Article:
No Need for All These Nukes

OVER the last three years, as I delved into the world of American nuclear weapons, I felt increasingly as though I had stepped into a time warp. Despite the nearly total rearrangement of the international security landscape since the demise of the Soviet Union in 1991, the rise of Islamic terrorism and the spread of nuclear materials and technology to volatile nations like Pakistan, North Korea and Iran, the Defense Department remains enthralled by cold war nuclear strategies and practices.

Barack Obama took office determined to change that. He has made progress on many fronts. Last week, he outlined a new, no-frills defense strategy, downsizing conventional forces. He now needs to double down on his commitment to refashion nuclear forces. He should trim the American nuclear arsenal by two-thirds to bring it down to a sensible size, order the Pentagon to scale back nuclear war-fighting plans so they are relevant to contemporary threats, remove most American intercontinental, land-based missiles from high alert and drop the quaint notion that a fleet of aging B-52 bombers can effectively deliver nuclear weapons to distant targets.

This agenda is not only desirable, it is doable without undercutting American security. It would save tens of billions of dollars a year, a relatively small amount by Pentagon standards, but every billion counts as Leon E. Panetta, the defense secretary, trims his budget. And the steps can safely be taken without requiring reciprocal moves by Russia that must be codified in a treaty.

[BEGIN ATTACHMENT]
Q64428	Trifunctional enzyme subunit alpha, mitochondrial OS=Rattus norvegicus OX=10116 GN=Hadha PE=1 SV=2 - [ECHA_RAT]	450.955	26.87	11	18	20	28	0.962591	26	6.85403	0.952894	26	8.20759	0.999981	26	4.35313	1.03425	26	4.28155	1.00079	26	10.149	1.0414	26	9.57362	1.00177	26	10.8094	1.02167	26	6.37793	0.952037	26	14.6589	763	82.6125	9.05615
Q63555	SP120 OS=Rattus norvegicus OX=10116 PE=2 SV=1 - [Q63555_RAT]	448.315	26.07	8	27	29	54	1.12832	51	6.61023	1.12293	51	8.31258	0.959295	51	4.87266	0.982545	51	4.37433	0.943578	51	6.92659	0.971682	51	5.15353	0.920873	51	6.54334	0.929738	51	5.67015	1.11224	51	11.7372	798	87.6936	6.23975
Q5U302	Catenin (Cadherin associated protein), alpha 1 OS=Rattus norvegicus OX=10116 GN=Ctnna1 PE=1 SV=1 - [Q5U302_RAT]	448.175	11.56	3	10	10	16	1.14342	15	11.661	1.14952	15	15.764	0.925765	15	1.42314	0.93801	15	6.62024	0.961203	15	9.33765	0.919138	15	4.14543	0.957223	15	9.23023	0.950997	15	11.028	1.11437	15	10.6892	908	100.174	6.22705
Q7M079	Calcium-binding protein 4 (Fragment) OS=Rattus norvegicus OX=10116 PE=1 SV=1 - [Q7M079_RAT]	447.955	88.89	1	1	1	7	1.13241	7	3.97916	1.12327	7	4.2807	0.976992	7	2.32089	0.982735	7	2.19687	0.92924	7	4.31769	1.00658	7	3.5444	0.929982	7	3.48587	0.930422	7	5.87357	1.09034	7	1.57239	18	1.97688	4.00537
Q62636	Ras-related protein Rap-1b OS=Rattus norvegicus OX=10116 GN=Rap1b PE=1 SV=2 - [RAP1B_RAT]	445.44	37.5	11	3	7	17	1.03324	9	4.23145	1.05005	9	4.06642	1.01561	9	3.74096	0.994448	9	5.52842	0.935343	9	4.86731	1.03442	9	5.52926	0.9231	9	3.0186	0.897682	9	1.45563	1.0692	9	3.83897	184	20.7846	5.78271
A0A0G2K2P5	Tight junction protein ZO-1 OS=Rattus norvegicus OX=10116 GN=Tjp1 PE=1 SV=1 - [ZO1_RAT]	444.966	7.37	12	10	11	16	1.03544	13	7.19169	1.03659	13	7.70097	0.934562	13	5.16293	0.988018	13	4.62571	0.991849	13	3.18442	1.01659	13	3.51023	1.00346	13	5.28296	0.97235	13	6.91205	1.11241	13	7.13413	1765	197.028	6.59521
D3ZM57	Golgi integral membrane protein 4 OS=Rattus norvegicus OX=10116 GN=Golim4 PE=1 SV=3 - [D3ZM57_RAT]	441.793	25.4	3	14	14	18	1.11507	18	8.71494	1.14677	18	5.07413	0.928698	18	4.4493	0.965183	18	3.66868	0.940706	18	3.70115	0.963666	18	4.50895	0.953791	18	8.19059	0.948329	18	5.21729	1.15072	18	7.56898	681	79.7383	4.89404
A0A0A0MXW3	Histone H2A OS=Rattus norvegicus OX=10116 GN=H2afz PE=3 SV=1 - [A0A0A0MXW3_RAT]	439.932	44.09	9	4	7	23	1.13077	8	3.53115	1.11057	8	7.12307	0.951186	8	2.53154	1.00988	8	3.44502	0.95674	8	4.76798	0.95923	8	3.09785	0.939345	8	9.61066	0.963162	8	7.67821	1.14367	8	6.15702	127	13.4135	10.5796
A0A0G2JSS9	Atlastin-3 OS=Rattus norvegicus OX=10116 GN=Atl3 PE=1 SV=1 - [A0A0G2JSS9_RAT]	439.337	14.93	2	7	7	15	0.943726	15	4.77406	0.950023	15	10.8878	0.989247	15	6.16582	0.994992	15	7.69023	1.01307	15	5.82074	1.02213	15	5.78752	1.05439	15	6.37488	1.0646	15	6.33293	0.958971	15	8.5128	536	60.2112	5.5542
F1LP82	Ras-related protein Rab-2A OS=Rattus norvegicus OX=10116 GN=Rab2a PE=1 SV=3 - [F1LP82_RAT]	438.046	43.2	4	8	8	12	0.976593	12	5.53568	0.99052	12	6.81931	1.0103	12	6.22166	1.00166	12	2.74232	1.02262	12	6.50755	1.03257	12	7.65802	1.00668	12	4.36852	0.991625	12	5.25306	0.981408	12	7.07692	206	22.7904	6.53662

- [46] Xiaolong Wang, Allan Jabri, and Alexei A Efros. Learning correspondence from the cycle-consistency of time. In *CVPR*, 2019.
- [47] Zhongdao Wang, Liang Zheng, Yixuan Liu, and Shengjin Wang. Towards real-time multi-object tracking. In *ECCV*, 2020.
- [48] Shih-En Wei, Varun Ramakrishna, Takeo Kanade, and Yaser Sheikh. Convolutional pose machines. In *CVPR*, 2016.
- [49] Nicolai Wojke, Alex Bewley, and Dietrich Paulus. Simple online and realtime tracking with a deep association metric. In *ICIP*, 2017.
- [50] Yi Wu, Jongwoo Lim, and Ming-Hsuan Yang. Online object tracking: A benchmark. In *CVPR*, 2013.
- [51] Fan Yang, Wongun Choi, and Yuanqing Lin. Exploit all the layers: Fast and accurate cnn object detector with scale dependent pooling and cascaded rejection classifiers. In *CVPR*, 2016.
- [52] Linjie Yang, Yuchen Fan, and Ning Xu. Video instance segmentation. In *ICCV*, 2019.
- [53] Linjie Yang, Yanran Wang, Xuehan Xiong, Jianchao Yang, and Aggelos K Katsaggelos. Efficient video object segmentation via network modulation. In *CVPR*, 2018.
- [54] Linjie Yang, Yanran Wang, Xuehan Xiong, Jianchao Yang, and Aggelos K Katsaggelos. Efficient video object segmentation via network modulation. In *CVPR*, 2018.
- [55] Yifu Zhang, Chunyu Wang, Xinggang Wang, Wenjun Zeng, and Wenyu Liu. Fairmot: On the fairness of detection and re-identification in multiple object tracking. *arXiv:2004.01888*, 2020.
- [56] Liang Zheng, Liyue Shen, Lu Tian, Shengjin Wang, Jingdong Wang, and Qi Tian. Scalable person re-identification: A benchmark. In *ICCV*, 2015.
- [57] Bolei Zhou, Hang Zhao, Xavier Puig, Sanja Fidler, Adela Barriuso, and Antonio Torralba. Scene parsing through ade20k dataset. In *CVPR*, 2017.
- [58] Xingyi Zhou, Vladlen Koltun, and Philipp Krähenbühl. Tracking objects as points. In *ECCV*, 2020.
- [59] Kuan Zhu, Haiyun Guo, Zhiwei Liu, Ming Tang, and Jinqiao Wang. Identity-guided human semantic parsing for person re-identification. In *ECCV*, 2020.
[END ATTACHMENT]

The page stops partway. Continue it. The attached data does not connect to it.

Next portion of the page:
For the last few months, the Obama administration has been conducting a classified review of the doctrines and operations that determine the shape and potential uses of America’s nuclear armaments. If the president pushes back against the defenders of the old order at the Pentagon and other redoubts of the nuclear priesthood, he can preserve American security while making the United States a more credible leader on one of today’s most critical issues — containing the spread of nuclear weapons. Like a chain smoker asking others to give up cigarettes, the United States, with its bloated arsenal, sounds hypocritical when it puts pressure on other nations to cut weapons and stop producing bomb-grade highly enriched uranium, the key ingredient of a crude nuclear weapon.

American actions alone won’t end the proliferation danger, but American leadership is essential to any hope of containing the threat.

Sam Nunn, the former chairman of the Senate Armed Services Committee, and anything but a dove over the years, rightly warns that the spread of weapons and the means to make them may soon reach a combustible stage where New York, Washington, Moscow, Tokyo or London is at risk of a nuclear terrorist attack.

Mr. Nunn and other keepers of America’s cold-war armory, George P. Shultz and Henry A. Kissinger, former Republican secretaries of state, and William J. Perry, a former Democratic defense secretary, have banded together in recent years to press, among other things, for cutting nuclear forces, de-alerting missiles and, ultimately, eliminating nuclear arms. Mr. Obama has embraced their aims and welcomed them to the Oval Office. Their high-powered, bipartisan alliance, if adroitly employed by the White House, ought to provide some political cover as Mr. Obama reshapes nuclear policy while running for a second term.